THE BLOG
11/26/2016 01:59 pm ET Updated Nov 27, 2017

Castro, My Family and the Lie of Romantic Revolutions

Rafael Perez / Reuters

I am sure that many people will start to write all kinds of things about Fidel Castro now that he is gone. Some may have romantic fantasies about who they thought he might have been, but have no clue what it is to have lived under his regime. I have never lived in Cuba ... but my mom did. My grandmother did. Much of my family did. My father went and picked up Cubans during the Mariel boat lift, and my extended relatives were born there.

They all left. They all have terrible stories of great loss and sadness. Most left with only the clothes on their backs or what little they could carry.

Everyone has their personal stories, but one consistent thing that everyone says is the same: "He took everything."

The only people who know the real history of Castro in Cuba are the ones who lived it.

My grandmother repeated her story to me multiple times when I was little. She remembered as they were leaving Cuba -- she was born and raised in Spain, along with my mother, but lived in Cuba for a few years before she came here -- she remembered the government taking inventory of every spool of thread she had (she was a dress maker), and they made sure that she left with none of it. My mother would tell me that her beloved horse "Cheespa" was taken from her "by Castro." I don't know anyone who doesn't shudder who lived under his rule, and like I said, everyone has a story. None are good.

As I watch smiling celebrities, and clips of Castro and his "fierce revolution" or a few posts that I have seen on social media by some very non-Latino people -- most who have probably never even been to Cuba and if they had, it was only as tourists -- "journalists" and foreigners who were fed a carefully crafted image that Castro controlled ... the only people who know the real history, are the ones who lived it.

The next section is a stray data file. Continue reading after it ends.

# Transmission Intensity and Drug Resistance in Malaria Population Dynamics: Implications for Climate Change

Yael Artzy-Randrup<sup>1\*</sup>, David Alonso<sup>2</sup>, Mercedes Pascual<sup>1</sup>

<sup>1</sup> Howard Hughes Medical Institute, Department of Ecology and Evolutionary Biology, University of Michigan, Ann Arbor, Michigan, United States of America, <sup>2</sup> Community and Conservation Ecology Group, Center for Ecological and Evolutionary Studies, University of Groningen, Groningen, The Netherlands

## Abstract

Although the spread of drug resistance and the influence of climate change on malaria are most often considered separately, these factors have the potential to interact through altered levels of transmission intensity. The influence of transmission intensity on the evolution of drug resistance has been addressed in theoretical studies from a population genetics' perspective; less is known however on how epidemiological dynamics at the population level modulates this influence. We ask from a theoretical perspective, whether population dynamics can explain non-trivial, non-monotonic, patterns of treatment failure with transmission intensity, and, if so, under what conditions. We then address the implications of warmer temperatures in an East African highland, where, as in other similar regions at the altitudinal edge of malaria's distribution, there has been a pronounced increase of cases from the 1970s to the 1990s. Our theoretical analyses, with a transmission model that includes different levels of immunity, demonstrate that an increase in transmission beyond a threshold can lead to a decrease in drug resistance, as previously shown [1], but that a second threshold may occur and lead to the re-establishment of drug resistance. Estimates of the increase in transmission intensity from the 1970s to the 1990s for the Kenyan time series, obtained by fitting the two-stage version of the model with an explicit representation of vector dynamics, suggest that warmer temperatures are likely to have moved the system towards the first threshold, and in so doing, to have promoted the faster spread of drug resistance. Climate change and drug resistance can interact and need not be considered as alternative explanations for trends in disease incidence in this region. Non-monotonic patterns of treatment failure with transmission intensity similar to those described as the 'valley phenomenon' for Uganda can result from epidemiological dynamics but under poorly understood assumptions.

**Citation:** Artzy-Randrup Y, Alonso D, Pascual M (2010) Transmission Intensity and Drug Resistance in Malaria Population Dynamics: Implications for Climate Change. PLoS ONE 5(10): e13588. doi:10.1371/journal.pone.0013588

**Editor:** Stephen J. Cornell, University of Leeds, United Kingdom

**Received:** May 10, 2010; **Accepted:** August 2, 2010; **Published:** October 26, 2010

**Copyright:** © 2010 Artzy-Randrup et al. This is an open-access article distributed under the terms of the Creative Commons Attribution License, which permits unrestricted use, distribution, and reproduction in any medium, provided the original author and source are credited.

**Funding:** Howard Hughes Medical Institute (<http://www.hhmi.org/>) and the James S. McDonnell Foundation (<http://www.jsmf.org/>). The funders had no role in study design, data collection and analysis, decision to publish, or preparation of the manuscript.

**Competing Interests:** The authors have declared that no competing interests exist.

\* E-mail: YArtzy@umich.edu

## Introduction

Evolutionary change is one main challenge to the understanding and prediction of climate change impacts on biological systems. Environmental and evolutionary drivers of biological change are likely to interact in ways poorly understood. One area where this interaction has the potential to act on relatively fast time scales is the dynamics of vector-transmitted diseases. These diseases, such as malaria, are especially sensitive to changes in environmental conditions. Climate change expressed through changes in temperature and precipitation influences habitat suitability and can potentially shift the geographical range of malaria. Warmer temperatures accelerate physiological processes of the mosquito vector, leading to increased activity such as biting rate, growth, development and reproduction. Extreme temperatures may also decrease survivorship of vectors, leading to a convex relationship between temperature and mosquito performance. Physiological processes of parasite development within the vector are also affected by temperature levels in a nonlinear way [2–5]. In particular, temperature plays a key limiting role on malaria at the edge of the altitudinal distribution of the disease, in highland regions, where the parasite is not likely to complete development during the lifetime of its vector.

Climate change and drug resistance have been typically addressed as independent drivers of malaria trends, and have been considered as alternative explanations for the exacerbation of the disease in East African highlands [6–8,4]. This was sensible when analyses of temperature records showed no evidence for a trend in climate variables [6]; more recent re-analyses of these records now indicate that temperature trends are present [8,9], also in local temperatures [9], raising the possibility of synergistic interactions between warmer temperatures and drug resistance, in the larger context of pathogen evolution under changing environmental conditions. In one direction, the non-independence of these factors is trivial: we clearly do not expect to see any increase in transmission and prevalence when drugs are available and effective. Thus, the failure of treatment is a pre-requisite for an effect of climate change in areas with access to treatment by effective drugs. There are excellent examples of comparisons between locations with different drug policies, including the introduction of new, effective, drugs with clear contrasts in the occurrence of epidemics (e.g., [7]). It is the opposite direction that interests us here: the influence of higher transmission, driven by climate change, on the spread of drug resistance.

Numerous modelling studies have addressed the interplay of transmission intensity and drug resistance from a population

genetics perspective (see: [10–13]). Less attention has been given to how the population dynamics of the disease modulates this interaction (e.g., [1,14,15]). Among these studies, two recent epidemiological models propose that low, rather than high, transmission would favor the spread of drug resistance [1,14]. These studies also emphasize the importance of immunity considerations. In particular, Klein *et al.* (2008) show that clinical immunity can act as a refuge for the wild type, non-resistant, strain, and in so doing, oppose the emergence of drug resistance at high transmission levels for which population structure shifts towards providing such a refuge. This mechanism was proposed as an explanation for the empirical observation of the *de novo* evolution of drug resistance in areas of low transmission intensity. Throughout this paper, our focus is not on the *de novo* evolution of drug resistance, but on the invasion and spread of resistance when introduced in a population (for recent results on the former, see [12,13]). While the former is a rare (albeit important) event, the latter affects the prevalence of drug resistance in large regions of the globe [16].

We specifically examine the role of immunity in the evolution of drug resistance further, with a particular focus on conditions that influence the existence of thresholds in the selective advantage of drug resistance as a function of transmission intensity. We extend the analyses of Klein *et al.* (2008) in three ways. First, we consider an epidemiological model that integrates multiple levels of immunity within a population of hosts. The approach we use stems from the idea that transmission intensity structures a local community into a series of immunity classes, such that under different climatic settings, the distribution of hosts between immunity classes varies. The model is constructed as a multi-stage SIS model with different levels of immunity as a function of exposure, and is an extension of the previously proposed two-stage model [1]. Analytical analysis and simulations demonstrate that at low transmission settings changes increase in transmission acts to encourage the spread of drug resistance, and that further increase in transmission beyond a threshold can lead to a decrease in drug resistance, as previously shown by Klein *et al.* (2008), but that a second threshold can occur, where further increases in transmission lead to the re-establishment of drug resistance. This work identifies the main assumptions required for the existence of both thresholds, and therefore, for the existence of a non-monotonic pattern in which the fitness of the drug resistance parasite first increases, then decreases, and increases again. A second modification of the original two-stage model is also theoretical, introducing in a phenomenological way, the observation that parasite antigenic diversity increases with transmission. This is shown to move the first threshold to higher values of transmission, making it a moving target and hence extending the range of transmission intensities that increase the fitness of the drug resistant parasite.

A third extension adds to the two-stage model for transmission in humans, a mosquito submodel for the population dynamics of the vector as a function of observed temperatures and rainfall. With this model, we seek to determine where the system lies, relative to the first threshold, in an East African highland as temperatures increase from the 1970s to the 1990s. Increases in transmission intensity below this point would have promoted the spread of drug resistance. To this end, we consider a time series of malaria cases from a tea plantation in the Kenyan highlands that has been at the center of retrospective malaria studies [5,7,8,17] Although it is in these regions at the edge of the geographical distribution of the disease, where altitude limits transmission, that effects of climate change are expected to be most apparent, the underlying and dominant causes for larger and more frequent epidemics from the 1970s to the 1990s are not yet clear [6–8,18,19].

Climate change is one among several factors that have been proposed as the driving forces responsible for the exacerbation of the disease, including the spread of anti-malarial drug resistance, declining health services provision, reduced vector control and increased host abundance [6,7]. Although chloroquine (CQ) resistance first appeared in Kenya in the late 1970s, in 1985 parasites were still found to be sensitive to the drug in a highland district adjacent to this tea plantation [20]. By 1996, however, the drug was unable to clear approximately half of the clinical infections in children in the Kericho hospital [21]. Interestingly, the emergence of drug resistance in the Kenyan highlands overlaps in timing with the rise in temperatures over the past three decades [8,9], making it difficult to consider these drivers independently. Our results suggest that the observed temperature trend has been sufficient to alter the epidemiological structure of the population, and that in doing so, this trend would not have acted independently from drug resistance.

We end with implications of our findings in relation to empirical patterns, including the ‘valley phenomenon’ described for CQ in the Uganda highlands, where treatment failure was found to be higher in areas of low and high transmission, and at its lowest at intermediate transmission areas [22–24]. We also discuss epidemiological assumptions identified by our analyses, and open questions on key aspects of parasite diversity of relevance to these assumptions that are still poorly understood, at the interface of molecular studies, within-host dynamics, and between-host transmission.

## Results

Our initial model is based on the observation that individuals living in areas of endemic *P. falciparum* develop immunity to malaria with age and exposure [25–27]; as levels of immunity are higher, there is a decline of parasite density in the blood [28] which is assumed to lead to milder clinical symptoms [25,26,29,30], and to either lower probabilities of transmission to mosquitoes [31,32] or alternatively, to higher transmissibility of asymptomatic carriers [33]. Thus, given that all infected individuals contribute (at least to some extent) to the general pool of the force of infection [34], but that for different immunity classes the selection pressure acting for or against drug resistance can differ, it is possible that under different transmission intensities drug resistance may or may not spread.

Even as the "children of" all we have are our repeated stories that were handed down, the pain that never left our families' faces and in some cases a pure palpable hatred we felt when they spoke of him. We will never really know what they knew.

So before I start reading about "revolutionary" or any other romantic fantasy about how charming or smart he was from people who probably don't know any better -- maybe take pause and know that people, to this day, still want out so bad, that they would come over to Miami on home-made strung-up tires as rafts. They would rather take their chances dying, drowning, getting caught and imprisoned, they would rather be eaten by a shark, than stay one minute longer.

I think that alone, says a lot.

Americans love a good "revolution romance" but as I have said before, revolutions aren't a Beatles song and they aren't romantic. They are bloody and people die. And sometimes, instead of democracy, they produce a dictator who stays in power for half a century.